There were women there who had given half a century as community nurses in small African villages, teaching school and holding worship services … who had taught elementary school in fishing villages in the north of Alaska … one who was for years a surgeon in Korea, working from dawn till dusk — performing intricate surgeries — and teaching others how to do so, as well … and some who preached and cared for orphaned or abused children.
Those women often worked for hardly any money at all … occasionally in pauper’s lodgings … sometimes deprived of what we call necessities … and sometimes abused. They were by and large well educated … women who could have had remarkable careers … or happy family lives … had they remained at home. But instead they heard a sacred Call, and they answered: “Here am I, Lord, send me,” and went off sacrificing their own needs to meet the needs of others.
I love the poem:
Some want to live within the sound
Of church or chapel bell;
I want to run a rescue shop
Within a yard of hell!
Those women at I knew would say a loud “Amen!” to that. In their daily lives across the years, they emptied their lunch bags that the world’s hungry might be fed.
Frederick Beuchner writes: “In the Christian sense, love is not only an emotion but is also an act of the will.” It is an emptying of our lunch bags. It is saying to Jesus: “I may not have much, but what I have … and what I am … are yours. Use me to heal the hurting and help the helpless. Here are my bread and fish. I sacrifice them to feed a hungry world.” (Michael Brown)
Proper 14 (A)
Sunday, August 8, 1999
Elijah Running Scared
I Kings 19: 9-18
In our morning lesson, Elijah has come straight from a powerful victory over the priests of Baal at the Brook Kidron. Four hundred of them; one of him. And at the closing bell, only Elijah remained standing.
His celebration was short-lived. Queen Jezebel was a member of the court of Baal, and Elijah’s victory embarrassed her. She was not a woman who took embarrassment lightly. So she promised: “By this time tomorrow, I will do to you what you did to my prophets.” Elijah had not been frightened of four hundred opponents in priests’ robes. He was not frightened of King Ahaz whom he considered to be pretty much a wimp. But Jezebel scared him to death. When she made a threat, he knew she meant business. So Elijah fled through the desert for “forty days and nights” (biblically that simply means “a long period of time”). And he wound up at Mount Horeb where he whined in prayer: “Oh God, I, only I, am left, and now they seek to kill me!”
Two things of note: One, Elijah, the man who had won a great victory at the Brook Kidron through prayer, apparently forgot to pray when he learned of Jezebel’s threat. As a matter of fact, this is the first indication we have of any prayer on his part for the whole forty day and night journey. And this is not a prayer of great faith. It is self-indulgent and cowardly. But at least it is a prayer. And when we pray — however inadequately — miracles happen.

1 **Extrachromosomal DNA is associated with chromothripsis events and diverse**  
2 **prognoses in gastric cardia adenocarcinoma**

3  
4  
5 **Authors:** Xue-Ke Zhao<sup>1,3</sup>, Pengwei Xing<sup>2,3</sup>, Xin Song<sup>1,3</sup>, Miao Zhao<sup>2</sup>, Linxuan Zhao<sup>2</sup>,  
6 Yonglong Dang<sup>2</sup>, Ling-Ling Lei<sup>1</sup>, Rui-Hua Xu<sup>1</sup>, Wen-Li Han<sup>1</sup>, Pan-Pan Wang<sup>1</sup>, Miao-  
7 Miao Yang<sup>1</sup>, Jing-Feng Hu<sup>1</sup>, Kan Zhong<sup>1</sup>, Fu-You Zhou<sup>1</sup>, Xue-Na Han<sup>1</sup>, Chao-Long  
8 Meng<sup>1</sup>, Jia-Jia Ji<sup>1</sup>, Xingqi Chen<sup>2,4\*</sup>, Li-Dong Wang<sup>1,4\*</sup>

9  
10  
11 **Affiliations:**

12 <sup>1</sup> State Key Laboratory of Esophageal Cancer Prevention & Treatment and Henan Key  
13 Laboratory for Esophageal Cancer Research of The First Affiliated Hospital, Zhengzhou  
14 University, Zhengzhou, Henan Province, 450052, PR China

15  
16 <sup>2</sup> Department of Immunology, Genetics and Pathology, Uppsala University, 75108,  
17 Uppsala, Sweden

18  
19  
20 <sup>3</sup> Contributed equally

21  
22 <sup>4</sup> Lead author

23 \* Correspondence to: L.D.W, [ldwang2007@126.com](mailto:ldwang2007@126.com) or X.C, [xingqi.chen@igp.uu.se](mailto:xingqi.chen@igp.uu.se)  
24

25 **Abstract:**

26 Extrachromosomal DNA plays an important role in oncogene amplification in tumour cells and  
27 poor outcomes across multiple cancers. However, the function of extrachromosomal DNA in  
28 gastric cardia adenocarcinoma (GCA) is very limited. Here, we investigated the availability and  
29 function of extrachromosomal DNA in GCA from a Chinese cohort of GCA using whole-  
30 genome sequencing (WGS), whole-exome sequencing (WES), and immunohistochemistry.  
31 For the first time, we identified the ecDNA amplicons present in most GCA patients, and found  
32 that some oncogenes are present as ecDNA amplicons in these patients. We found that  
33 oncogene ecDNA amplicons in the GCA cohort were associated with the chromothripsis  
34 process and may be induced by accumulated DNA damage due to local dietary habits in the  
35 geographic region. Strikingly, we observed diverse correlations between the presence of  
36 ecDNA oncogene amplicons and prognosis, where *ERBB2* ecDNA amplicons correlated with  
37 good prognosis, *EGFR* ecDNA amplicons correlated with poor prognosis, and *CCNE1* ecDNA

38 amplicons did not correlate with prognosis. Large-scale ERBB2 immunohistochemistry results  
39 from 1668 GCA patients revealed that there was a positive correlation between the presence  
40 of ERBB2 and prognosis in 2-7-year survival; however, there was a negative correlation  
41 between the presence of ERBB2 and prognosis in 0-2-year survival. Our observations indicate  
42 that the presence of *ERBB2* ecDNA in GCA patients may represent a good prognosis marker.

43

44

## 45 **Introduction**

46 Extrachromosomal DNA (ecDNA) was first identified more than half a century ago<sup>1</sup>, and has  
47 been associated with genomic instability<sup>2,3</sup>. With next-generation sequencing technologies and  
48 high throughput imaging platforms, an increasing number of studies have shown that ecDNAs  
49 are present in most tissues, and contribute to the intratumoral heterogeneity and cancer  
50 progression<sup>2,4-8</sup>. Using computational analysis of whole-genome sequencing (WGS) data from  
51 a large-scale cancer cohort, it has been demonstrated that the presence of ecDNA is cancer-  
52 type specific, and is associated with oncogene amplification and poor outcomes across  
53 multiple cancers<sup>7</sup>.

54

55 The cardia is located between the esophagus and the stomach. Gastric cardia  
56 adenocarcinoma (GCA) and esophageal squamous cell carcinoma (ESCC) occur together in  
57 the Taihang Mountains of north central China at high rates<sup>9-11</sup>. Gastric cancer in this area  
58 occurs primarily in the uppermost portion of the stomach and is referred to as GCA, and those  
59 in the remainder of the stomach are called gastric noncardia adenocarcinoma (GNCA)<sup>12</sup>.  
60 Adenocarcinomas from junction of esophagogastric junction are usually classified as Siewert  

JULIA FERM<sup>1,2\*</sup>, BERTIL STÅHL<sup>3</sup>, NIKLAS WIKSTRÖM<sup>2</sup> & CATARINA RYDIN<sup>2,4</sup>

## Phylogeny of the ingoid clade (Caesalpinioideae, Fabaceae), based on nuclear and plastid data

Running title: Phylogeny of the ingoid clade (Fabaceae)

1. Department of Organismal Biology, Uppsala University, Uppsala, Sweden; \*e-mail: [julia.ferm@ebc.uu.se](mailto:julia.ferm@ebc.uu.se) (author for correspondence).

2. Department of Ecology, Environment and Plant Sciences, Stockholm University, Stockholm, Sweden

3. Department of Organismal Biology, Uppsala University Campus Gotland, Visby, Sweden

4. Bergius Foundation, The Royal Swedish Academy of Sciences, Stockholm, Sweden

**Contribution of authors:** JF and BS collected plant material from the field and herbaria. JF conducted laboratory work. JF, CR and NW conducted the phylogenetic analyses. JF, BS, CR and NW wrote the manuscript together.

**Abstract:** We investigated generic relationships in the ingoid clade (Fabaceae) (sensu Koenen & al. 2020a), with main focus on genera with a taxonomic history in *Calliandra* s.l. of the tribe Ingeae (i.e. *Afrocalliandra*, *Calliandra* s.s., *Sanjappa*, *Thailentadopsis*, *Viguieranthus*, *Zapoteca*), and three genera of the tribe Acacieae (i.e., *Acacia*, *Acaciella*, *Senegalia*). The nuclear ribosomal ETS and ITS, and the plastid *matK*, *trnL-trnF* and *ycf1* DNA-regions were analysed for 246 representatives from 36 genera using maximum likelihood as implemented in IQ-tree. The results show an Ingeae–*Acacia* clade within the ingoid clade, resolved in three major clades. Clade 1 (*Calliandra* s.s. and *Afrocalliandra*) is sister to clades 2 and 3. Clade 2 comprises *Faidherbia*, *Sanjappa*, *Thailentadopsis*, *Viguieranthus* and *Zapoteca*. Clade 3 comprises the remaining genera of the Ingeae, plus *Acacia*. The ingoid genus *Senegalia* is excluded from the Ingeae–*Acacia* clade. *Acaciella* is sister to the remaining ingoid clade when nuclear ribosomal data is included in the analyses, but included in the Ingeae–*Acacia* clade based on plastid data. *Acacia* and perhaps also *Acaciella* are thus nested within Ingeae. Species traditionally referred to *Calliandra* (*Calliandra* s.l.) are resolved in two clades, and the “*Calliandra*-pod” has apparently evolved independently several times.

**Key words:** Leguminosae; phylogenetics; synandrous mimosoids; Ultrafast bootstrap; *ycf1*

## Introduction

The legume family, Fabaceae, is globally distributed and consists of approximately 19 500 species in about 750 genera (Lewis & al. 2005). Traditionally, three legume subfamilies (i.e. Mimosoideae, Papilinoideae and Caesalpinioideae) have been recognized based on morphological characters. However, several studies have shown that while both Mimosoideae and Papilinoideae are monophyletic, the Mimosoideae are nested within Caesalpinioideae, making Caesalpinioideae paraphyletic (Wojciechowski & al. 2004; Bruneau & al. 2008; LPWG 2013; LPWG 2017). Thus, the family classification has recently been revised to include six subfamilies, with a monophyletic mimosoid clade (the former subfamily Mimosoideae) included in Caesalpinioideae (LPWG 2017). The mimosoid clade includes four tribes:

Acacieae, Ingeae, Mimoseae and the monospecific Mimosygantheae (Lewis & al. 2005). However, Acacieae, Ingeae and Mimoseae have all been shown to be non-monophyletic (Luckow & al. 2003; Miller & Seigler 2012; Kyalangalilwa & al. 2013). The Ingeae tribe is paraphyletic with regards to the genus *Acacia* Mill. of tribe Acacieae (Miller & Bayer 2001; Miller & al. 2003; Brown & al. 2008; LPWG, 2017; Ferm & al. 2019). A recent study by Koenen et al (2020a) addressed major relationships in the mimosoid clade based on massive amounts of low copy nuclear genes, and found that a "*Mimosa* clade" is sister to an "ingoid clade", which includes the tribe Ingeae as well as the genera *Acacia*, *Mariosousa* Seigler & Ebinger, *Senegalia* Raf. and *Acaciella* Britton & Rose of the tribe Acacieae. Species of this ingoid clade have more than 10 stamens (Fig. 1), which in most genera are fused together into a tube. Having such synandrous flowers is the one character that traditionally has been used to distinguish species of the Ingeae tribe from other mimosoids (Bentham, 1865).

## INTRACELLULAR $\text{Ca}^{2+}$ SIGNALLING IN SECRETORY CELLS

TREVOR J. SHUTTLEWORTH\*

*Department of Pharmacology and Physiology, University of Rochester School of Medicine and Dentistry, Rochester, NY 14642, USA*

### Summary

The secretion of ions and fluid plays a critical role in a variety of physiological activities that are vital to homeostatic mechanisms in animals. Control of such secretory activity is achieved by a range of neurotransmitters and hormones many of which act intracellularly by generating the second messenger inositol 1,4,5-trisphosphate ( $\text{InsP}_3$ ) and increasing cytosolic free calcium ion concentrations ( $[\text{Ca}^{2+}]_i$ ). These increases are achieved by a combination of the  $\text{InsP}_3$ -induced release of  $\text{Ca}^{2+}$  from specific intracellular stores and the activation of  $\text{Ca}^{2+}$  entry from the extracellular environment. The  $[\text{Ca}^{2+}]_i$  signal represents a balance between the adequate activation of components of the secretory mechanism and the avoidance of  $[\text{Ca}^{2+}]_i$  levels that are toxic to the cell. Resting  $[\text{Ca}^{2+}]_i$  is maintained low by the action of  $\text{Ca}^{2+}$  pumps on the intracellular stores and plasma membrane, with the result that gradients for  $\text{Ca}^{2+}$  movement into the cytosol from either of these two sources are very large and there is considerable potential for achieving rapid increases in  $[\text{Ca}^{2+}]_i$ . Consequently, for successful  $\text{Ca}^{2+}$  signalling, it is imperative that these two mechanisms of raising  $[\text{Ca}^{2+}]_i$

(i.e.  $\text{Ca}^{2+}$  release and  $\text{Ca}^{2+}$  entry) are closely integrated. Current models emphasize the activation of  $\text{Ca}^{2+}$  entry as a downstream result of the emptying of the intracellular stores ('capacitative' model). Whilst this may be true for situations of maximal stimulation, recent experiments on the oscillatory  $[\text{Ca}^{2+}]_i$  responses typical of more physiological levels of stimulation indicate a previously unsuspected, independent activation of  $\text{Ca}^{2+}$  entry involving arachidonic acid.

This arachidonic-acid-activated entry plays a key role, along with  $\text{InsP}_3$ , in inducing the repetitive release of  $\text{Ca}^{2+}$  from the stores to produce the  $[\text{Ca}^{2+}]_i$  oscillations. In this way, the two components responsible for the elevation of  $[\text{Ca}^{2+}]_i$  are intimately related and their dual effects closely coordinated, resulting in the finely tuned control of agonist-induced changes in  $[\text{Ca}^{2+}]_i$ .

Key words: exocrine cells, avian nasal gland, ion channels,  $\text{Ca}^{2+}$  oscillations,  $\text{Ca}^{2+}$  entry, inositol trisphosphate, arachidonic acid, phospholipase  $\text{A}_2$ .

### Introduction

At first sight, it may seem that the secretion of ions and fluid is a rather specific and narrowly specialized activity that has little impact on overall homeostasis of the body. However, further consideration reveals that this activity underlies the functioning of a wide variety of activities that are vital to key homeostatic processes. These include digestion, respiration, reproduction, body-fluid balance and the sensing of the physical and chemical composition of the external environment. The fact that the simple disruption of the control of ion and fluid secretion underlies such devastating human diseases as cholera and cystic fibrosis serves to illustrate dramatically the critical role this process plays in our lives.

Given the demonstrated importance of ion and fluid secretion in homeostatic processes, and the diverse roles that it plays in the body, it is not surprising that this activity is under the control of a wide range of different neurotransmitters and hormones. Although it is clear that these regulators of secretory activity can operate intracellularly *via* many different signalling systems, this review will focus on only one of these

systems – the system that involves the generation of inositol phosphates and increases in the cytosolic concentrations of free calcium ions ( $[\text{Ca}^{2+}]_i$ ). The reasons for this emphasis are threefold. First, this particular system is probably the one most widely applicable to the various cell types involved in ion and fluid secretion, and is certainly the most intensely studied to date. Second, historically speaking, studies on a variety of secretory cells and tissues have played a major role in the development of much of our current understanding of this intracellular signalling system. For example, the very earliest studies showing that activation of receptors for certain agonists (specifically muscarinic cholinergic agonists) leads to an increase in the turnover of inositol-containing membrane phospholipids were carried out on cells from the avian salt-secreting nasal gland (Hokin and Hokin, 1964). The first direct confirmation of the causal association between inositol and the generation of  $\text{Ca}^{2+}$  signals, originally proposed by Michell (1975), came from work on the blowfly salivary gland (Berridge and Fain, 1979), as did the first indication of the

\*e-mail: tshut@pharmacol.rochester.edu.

Will Willimon spotted a young coed at Duke walking through the beautiful Duke Gardens with a handsome young man. He knew her from class and considered her a bright and personable student. So, when he saw her next he asked: “Are you in love?” “Why do you ask that?,” she question. He explained: “Well, I saw you in the gardens arm-in-arm with a young man. It’s such a romantic place. I just wondered. Are you in love?” She answered: “No, I was not there because I am in love. I was there because I want to be in love.” In other words, she was putting herself in a place where love could happen.
Prayer is putting ourselves into a place where God can happen … where God can get hold of us. I often tell people to talk as much as they wish when they pray — but also to set aside ten minutes a day when they pray with no words at all. Just be silent and still. Just wait and listen. At Mount Horeb the story says there was “earthquake, wind and fire,” but it also says that “God was not in the earthquake, wind or fire but in the sound of a still small voice.” Only when Elijah retreated from the eruptive cacophony of his busy world was he able truly to pray. And the prayer became power-packed and productive only when he was silent and still and listened.
That says to me that (a) When we pray, God listens, and (b) When we pray really well, we listen.
The second important point of this lesson is that things are rarely as bad as they seem. When Elijah complained that he was the only faithful person left in all Israel, and now wicked Jezebel sought to kill him, God reminded him that Jehu, Hazael, Elisha and 7000 others were there with him … for him … and like him. He was surrounded by a community of faith that was willing to be his strength. If he would only open his eyes, he would see that blessings abound even in the arid spots of our lives, and silver lining is found on every dark cloud.
A dear friend told me of the end of her marriage. She fell into a deep depression that lasted for almost three years. But at last she began to discover friends who loved her, others who had shared similar experiences and at last an inner strength to do and accomplish on her own. Today she is a highly successful teacher and author who has even written a popular book about the emergence of a woman’s spirit when forced to rely on her own resources. She said to me: “I felt alone and hopeless. But out of that very experience, I found others whom I love, and I found my best self.” There are always blessings to be found, even at Mount Horeb, if, to quote Jesus, we have “eyes to see.” (Michael Brown)
Proper 15 (B)
Sunday, August 15, 1999
A Healing Faith
Is Jesus a racist? Does it really matter to Jesus what color a person’s skin is? Does He make any distinctions based on a person’s ethnic background, religious upbringing, or socio-economic class? We’ve been taught since we were little to sing the song,
Jesus Loves the Little Children,